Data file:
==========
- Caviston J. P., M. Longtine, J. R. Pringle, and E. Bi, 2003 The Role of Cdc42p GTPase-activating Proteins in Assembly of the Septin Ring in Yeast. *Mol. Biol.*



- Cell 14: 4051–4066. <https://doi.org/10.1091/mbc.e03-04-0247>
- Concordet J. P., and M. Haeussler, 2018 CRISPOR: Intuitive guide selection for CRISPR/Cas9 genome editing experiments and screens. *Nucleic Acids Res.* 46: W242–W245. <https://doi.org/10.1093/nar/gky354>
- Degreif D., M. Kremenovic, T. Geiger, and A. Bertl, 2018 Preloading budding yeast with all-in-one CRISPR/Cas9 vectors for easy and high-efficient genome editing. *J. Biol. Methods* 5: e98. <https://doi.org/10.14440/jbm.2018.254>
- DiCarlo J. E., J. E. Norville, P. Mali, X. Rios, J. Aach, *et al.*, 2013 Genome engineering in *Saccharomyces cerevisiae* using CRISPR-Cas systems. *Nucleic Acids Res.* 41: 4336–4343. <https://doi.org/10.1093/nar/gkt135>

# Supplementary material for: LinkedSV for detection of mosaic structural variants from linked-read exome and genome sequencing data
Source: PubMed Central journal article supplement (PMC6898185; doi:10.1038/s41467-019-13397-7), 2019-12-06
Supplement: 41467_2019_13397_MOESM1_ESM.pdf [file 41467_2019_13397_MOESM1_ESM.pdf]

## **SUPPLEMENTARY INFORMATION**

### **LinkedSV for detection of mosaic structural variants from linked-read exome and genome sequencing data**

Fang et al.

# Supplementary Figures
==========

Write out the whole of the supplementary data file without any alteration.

- Caviston J. P., M. Longtine, J. R. Pringle, and E. Bi, 2003 The Role of Cdc42p GTPase-activating Proteins in Assembly of the Septin Ring in Yeast. *Mol. Biol.*



- Cell 14: 4051–4066. <https://doi.org/10.1091/mbc.e03-04-0247>
- Concordet J. P., and M. Haeussler, 2018 CRISPOR: Intuitive guide selection for CRISPR/Cas9 genome editing experiments and screens. *Nucleic Acids Res.* 46: W242–W245. <https://doi.org/10.1093/nar/gky354>
- Degreif D., M. Kremenovic, T. Geiger, and A. Bertl, 2018 Preloading budding yeast with all-in-one CRISPR/Cas9 vectors for easy and high-efficient genome editing. *J. Biol. Methods* 5: e98. <https://doi.org/10.14440/jbm.2018.254>
- DiCarlo J. E., J. E. Norville, P. Mali, X. Rios, J. Aach, *et al.*, 2013 Genome engineering in *Saccharomyces cerevisiae* using CRISPR-Cas systems. *Nucleic Acids Res.* 41: 4336–4343. <https://doi.org/10.1093/nar/gkt135>

# Supplementary material for: LinkedSV for detection of mosaic structural variants from linked-read exome and genome sequencing data
Source: PubMed Central journal article supplement (PMC6898185; doi:10.1038/s41467-019-13397-7), 2019-12-06
Supplement: 41467_2019_13397_MOESM1_ESM.pdf [file 41467_2019_13397_MOESM1_ESM.pdf]

## **SUPPLEMENTARY INFORMATION**

### **LinkedSV for detection of mosaic structural variants from linked-read exome and genome sequencing data**

Fang et al.

# Supplementary Figures